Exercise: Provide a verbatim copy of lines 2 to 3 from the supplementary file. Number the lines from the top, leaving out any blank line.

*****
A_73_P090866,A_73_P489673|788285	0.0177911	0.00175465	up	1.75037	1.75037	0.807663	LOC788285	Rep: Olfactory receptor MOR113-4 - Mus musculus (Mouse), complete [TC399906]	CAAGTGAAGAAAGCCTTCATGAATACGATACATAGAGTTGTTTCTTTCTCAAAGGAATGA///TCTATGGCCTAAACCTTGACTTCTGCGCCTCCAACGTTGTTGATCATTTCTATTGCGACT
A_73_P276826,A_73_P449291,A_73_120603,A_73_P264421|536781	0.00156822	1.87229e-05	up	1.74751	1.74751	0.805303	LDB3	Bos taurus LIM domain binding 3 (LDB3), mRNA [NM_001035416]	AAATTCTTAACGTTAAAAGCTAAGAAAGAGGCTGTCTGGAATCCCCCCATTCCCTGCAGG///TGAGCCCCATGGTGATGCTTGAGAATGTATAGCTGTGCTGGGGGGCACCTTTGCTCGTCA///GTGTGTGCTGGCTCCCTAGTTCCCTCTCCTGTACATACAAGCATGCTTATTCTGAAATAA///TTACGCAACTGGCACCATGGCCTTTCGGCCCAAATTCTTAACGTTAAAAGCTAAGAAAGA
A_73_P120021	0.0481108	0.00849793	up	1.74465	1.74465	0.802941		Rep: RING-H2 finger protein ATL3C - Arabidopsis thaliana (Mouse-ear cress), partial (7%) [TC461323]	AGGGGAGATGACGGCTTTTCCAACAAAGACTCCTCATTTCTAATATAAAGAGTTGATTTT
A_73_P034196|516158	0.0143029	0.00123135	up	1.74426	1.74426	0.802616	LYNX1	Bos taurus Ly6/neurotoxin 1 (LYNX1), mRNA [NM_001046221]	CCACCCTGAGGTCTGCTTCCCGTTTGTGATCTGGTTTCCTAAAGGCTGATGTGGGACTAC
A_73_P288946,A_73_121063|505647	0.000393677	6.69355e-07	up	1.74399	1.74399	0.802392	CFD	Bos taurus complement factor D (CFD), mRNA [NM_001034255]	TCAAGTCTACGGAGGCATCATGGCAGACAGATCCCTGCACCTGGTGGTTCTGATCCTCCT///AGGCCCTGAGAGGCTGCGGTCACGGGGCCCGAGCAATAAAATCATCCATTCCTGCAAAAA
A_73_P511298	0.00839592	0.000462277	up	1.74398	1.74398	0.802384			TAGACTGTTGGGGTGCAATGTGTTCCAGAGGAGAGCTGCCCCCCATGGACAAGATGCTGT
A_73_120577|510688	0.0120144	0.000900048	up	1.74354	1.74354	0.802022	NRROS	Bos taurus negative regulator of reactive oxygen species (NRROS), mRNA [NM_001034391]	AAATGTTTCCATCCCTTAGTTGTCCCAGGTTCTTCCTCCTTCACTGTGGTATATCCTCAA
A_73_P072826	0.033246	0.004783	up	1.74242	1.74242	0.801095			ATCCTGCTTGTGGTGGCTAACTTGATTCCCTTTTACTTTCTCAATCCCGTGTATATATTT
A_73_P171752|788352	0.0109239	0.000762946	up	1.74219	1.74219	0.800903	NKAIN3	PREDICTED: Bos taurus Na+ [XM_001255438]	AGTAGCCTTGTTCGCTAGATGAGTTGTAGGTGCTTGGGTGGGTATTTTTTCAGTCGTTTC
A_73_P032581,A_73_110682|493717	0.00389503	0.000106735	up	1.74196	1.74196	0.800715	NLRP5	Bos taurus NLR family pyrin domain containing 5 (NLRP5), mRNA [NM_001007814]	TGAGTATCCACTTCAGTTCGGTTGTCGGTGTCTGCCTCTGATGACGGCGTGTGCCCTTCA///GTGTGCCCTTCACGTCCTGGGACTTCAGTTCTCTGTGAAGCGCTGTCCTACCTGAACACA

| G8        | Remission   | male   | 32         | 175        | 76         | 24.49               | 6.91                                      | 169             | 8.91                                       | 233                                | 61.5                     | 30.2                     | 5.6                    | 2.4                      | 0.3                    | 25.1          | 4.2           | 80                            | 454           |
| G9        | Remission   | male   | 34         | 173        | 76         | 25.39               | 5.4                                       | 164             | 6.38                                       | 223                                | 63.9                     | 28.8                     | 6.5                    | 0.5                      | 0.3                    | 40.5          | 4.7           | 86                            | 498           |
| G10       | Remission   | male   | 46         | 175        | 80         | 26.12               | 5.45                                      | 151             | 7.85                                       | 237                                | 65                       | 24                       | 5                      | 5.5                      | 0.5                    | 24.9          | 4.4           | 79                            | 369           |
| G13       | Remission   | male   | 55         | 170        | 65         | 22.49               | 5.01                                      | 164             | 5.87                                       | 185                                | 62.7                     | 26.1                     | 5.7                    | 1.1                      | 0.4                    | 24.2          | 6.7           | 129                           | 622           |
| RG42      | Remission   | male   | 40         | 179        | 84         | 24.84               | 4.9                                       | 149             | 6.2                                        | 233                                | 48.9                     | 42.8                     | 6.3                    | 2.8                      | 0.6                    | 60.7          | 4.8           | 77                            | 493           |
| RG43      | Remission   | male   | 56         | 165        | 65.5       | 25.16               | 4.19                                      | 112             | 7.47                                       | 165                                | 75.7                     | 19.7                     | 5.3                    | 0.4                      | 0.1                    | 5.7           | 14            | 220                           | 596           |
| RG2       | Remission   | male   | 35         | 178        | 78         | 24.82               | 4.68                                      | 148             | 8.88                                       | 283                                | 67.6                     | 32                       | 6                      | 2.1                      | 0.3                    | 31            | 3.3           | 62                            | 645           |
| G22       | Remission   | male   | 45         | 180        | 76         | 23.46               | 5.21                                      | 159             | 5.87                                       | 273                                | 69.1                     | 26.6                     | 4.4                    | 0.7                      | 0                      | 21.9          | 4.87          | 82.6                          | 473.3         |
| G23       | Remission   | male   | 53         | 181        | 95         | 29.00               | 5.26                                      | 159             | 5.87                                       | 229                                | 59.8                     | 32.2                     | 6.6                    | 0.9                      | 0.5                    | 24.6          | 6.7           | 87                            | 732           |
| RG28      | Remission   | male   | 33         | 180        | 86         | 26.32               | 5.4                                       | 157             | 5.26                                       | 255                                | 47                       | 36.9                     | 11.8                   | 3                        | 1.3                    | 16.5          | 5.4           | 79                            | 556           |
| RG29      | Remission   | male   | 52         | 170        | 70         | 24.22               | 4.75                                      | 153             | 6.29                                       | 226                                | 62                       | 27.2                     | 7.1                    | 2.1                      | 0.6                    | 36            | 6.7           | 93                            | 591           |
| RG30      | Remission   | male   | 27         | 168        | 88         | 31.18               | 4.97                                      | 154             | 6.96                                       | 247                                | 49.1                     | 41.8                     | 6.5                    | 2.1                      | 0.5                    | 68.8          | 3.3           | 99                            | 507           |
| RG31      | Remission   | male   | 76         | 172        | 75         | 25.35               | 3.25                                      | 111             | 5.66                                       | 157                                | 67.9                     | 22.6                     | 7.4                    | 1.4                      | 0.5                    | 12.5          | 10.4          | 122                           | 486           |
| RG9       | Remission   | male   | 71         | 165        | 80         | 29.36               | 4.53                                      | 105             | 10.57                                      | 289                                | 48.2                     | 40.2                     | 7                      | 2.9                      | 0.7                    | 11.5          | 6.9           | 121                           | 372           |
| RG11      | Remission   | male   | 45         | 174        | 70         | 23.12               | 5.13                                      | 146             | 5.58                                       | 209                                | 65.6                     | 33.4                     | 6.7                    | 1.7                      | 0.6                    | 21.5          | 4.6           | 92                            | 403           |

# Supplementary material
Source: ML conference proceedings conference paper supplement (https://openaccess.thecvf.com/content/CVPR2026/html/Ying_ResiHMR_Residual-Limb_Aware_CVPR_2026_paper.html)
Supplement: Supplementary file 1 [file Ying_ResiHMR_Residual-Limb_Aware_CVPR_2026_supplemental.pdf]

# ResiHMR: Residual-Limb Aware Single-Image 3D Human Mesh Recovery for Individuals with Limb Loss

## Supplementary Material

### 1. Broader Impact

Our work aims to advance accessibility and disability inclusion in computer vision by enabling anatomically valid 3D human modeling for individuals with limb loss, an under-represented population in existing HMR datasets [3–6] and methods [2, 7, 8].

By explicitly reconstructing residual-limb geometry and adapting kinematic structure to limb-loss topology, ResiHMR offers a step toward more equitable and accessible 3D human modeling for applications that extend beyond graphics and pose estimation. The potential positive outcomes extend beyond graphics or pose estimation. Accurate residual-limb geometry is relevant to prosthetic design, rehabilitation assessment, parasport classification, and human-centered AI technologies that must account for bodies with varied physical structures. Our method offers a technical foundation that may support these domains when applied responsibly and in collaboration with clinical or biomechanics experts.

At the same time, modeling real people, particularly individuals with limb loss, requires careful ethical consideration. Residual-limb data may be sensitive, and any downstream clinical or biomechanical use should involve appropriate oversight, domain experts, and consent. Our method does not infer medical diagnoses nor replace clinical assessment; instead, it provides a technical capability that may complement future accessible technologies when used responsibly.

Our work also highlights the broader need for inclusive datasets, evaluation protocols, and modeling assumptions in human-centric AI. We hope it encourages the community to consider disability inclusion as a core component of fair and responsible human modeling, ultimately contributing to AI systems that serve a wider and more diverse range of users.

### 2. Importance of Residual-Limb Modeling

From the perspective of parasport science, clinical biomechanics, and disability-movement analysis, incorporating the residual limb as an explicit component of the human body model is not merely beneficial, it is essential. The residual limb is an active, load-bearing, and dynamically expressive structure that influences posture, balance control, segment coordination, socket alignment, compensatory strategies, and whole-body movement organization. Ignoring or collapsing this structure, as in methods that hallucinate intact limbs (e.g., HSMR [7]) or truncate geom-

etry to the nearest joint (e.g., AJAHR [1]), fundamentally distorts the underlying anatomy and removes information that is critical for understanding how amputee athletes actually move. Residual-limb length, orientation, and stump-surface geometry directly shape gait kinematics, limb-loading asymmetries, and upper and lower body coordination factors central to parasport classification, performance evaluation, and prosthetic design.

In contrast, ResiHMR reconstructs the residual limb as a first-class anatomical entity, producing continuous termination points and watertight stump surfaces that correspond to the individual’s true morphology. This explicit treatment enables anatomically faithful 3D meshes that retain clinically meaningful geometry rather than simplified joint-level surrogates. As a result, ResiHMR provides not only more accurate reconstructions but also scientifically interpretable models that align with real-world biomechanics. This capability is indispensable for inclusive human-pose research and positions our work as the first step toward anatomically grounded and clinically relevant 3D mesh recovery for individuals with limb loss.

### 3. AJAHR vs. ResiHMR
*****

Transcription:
A_73_P276826,A_73_P449291,A_73_120603,A_73_P264421|536781	0.00156822	1.87229e-05	up	1.74751	1.74751	0.805303	LDB3	Bos taurus LIM domain binding 3 (LDB3), mRNA [NM_001035416]	AAATTCTTAACGTTAAAAGCTAAGAAAGAGGCTGTCTGGAATCCCCCCATTCCCTGCAGG///TGAGCCCCATGGTGATGCTTGAGAATGTATAGCTGTGCTGGGGGGCACCTTTGCTCGTCA///GTGTGTGCTGGCTCCCTAGTTCCCTCTCCTGTACATACAAGCATGCTTATTCTGAAATAA///TTACGCAACTGGCACCATGGCCTTTCGGCCCAAATTCTTAACGTTAAAAGCTAAGAAAGA
A_73_P120021	0.0481108	0.00849793	up	1.74465	1.74465	0.802941		Rep: RING-H2 finger protein ATL3C - Arabidopsis thaliana (Mouse-ear cress), partial (7%) [TC461323]	AGGGGAGATGACGGCTTTTCCAACAAAGACTCCTCATTTCTAATATAAAGAGTTGATTTT